HP hasn't had many shots at making tablets yet. Their previous release, the Slate 7 was rather disappointing, but I must admit I felt excited when they announced their 10-inch Tegra 4-powered, Full HD Android tablet/notebook hybrid. It was especially exciting for me to see that both the tablet and keyboard would sell for a reasonable $479.99 price tag. Unfortunately, though, the SlateBook x2 turned out to be good only in theory, because while the device looks great on paper, it turned out to be plagued by so many design flaws it ruined my expectations for the device, making it not worth the $480 price tag.
I actually quite like the industrial design HP used here. The back of the tablet is made of a nice-looking plastic, and is available in two shades of grey (* wink *), light and dark grey. A rather large Hewlett-Packard logo is etched on the center, and on the top-center of the back is the 1080p-capable rear camera. HP did a rather odd thing here: they opted to place the power button and volume rocker at the left and right edges of the back of the device. This makes the buttons considerably easier to reach when you're holding the tablet in landscape, but it still looks a bit awkward.
On the front, the 10-inch 1920 x 1200 display is surrounded by not too large nor too narrow bezels. I actually think that this is the ideal bezel size for a 10-incher. Above the display is the 720p-capable front-facing camera and the ambient light sensor. Below the display is a small, centered HP logo (why do OEMs usually insist on putting two logos on their devices?), and below it, on either edge of the device is a speaker grille. Overall, I like their design language, at least for the tablet only.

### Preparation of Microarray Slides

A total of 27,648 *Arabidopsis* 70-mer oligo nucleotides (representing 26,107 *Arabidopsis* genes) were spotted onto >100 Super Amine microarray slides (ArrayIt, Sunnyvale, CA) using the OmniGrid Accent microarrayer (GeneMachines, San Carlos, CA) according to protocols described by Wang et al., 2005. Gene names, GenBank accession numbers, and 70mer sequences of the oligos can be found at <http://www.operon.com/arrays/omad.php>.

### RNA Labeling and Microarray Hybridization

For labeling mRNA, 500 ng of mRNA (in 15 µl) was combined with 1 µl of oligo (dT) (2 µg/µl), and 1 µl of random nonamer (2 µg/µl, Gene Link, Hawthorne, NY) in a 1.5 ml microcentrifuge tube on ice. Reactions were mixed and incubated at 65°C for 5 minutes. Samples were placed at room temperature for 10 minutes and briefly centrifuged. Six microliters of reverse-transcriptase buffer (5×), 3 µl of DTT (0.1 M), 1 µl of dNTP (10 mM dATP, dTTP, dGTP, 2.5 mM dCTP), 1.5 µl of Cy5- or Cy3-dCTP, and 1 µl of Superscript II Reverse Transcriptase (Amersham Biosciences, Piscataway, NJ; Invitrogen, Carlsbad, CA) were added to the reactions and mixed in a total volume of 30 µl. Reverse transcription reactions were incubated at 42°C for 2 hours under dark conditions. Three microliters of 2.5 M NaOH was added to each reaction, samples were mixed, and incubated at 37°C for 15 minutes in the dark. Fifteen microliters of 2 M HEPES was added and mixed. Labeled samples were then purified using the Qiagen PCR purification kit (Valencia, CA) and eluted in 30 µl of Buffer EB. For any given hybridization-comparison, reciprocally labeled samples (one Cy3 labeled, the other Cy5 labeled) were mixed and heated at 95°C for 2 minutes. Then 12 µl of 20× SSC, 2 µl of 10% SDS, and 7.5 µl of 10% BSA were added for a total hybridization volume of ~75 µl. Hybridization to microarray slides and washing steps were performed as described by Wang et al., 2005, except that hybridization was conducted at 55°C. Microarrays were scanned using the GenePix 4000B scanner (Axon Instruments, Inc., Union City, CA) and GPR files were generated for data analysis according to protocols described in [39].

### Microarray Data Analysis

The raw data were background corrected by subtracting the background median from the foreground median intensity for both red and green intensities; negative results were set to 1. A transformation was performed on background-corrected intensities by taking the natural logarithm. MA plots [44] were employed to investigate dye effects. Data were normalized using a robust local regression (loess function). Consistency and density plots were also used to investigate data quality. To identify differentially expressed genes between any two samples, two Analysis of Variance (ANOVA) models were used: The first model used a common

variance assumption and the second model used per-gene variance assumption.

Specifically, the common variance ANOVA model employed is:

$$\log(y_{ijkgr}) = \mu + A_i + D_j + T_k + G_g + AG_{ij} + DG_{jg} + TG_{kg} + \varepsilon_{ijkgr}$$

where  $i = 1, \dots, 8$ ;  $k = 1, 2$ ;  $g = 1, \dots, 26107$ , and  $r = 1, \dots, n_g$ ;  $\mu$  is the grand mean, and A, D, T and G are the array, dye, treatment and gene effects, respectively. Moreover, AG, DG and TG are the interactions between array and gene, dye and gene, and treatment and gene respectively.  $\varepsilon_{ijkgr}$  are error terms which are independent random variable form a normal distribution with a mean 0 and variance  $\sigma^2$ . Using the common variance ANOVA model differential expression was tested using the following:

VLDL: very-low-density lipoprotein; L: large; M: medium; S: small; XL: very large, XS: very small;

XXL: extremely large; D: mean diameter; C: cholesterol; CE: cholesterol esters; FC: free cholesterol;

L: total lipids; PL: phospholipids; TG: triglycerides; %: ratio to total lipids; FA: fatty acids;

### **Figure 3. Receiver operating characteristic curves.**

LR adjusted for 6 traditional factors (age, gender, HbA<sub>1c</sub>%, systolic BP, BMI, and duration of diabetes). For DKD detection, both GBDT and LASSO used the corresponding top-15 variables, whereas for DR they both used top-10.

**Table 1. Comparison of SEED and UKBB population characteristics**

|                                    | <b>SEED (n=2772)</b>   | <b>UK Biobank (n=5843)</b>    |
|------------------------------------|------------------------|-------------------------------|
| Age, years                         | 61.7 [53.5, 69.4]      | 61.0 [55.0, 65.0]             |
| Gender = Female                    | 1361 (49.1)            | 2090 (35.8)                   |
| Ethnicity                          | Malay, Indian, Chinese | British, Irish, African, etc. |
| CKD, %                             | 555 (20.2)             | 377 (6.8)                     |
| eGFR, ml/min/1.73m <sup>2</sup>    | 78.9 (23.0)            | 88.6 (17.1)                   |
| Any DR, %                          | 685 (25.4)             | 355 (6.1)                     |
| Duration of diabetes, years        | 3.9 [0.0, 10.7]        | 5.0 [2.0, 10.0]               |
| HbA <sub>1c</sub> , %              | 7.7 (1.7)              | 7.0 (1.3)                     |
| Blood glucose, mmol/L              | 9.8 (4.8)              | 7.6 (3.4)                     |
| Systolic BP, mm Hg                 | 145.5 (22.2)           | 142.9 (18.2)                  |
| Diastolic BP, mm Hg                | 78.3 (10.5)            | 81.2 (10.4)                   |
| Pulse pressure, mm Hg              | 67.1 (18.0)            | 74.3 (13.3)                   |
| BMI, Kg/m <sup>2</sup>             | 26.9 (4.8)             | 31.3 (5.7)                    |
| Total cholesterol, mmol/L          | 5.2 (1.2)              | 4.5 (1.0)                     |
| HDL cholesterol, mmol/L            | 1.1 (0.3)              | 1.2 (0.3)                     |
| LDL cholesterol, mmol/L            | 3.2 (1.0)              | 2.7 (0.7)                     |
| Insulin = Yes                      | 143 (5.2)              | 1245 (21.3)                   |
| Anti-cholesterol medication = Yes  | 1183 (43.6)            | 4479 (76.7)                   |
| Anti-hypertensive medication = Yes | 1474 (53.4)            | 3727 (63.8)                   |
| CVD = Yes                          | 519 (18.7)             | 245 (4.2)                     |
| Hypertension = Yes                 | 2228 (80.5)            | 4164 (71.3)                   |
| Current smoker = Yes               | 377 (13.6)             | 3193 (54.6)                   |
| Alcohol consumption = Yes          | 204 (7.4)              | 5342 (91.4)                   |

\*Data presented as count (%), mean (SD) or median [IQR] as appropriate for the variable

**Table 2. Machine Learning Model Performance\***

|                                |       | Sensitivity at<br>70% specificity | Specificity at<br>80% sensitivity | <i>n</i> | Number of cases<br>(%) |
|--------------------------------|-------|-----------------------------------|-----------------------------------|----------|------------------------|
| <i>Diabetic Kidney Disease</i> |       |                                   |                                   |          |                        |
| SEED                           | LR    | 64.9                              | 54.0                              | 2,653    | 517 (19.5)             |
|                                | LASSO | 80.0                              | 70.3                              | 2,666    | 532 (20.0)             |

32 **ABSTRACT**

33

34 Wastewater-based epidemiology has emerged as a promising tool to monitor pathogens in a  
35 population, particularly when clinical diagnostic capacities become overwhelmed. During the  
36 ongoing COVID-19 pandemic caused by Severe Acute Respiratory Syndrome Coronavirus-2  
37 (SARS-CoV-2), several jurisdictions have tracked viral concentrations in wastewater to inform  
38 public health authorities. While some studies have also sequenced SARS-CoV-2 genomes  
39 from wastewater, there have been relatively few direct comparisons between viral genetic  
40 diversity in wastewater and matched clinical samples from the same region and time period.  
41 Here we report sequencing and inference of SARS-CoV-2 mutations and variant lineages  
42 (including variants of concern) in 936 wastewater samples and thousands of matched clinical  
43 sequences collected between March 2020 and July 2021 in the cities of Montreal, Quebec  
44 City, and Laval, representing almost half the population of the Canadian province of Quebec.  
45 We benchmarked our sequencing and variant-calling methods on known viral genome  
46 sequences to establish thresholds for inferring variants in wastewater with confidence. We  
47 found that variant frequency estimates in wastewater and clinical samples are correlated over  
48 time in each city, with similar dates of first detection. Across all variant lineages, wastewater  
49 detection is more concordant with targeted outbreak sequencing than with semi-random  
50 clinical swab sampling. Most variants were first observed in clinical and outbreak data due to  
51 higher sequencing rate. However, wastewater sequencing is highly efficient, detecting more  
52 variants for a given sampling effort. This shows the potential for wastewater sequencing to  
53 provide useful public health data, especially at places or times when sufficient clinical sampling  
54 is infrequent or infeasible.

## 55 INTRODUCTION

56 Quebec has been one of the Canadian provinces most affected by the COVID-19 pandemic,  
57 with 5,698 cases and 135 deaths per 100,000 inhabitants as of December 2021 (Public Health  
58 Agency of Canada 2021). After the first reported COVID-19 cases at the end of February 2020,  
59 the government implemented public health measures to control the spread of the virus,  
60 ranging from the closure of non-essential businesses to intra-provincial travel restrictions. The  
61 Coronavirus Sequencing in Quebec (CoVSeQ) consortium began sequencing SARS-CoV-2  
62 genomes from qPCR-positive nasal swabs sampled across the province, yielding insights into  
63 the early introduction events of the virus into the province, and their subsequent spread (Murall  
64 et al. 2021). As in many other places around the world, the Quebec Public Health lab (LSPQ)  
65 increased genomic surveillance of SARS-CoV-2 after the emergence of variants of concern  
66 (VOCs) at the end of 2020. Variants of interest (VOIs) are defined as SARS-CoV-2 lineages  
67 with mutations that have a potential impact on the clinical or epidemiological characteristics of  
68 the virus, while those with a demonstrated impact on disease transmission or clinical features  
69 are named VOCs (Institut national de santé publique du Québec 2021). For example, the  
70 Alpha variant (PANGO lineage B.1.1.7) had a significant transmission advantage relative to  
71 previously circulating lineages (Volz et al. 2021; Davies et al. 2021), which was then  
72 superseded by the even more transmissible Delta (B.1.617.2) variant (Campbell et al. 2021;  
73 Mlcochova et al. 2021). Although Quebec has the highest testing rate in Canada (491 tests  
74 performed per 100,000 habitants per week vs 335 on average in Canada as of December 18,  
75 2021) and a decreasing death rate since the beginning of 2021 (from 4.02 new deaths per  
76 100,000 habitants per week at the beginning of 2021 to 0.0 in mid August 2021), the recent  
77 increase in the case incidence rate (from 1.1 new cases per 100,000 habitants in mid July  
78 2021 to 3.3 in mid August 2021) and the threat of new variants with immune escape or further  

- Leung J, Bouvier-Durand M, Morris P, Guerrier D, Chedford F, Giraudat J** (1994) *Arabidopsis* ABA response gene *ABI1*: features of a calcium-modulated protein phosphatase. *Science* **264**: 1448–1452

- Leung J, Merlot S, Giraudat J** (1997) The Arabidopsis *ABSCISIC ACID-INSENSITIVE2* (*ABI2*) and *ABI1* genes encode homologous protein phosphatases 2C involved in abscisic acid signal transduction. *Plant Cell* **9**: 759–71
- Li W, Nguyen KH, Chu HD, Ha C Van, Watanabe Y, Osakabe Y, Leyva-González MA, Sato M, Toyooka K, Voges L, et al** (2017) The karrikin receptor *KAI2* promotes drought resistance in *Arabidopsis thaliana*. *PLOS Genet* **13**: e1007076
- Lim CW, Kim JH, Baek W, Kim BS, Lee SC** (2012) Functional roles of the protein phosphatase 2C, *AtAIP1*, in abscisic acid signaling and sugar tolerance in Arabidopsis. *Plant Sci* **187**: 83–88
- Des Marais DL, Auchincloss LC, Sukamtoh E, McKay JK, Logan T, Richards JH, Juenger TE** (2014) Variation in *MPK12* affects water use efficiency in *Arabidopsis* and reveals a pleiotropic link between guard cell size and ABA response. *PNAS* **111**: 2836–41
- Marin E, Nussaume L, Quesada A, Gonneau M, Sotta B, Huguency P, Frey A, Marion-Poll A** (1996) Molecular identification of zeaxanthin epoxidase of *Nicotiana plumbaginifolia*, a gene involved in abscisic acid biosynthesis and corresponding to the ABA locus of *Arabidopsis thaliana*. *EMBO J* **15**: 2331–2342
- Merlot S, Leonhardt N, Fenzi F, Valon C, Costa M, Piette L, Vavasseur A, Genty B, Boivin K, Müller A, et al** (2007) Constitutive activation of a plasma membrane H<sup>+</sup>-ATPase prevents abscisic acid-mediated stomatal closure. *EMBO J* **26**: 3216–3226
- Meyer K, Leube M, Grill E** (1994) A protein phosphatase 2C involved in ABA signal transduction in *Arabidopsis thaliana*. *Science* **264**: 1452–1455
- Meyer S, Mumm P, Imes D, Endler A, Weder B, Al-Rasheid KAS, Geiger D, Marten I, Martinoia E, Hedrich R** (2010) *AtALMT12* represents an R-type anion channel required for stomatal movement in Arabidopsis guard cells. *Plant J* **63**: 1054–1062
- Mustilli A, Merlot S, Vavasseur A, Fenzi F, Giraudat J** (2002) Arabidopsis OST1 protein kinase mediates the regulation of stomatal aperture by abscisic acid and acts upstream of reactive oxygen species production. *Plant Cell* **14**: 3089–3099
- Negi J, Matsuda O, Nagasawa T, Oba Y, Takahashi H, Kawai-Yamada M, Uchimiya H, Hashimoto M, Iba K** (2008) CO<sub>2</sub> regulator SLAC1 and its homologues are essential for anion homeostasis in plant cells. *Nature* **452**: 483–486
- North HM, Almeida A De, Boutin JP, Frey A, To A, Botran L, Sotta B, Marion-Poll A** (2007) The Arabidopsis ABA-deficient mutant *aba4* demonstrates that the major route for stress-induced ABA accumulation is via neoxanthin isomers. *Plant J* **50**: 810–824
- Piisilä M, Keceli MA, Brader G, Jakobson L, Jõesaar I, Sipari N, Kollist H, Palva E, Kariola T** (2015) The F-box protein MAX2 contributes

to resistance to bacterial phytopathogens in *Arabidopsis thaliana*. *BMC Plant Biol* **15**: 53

Every once in a while I review a device, and I see design flaws that are so obvious that I realize how little effort some OEMs make to produce a decent product. The SlateBook x2 is once such victim of its OEM's carelessness, because when you dock the tablet into the keyboard, the microSD card slot and the headphone jack become inaccessible, because the dock connector is in the same side of the tablet as these two ports. You can probably get past the microSD slot's positioning quite easily, but c'mon, I'd like to be able to plug in my headphones and have the keyboard docked at the same time. Additionally, the speaker grilles, also located on the bottom end of the tablet, also get hidden when the keyboard is docked. Thankfully, this doesn't affect the sound quality too much, but come on HP, it's common sense. However, the keyboard dock is otherwise well designed. It looks nicely crafted, and the multi-touch pad is slightly wider than what we usually see in 10-inch keyboard docks. Typing on it should feel more or less the same than it would on any other 10-inch hybrid (cramped, but still usable).
HP didn't offer any numbers on weight and thickness of the tablet only and, probably to emphasize that the dock is an essential part of the product, only gave us the numbers referring to the tablet plus the dock. With the dock on, the device weighs an OK 1.29 kilograms and is relatively thin, at 0.81".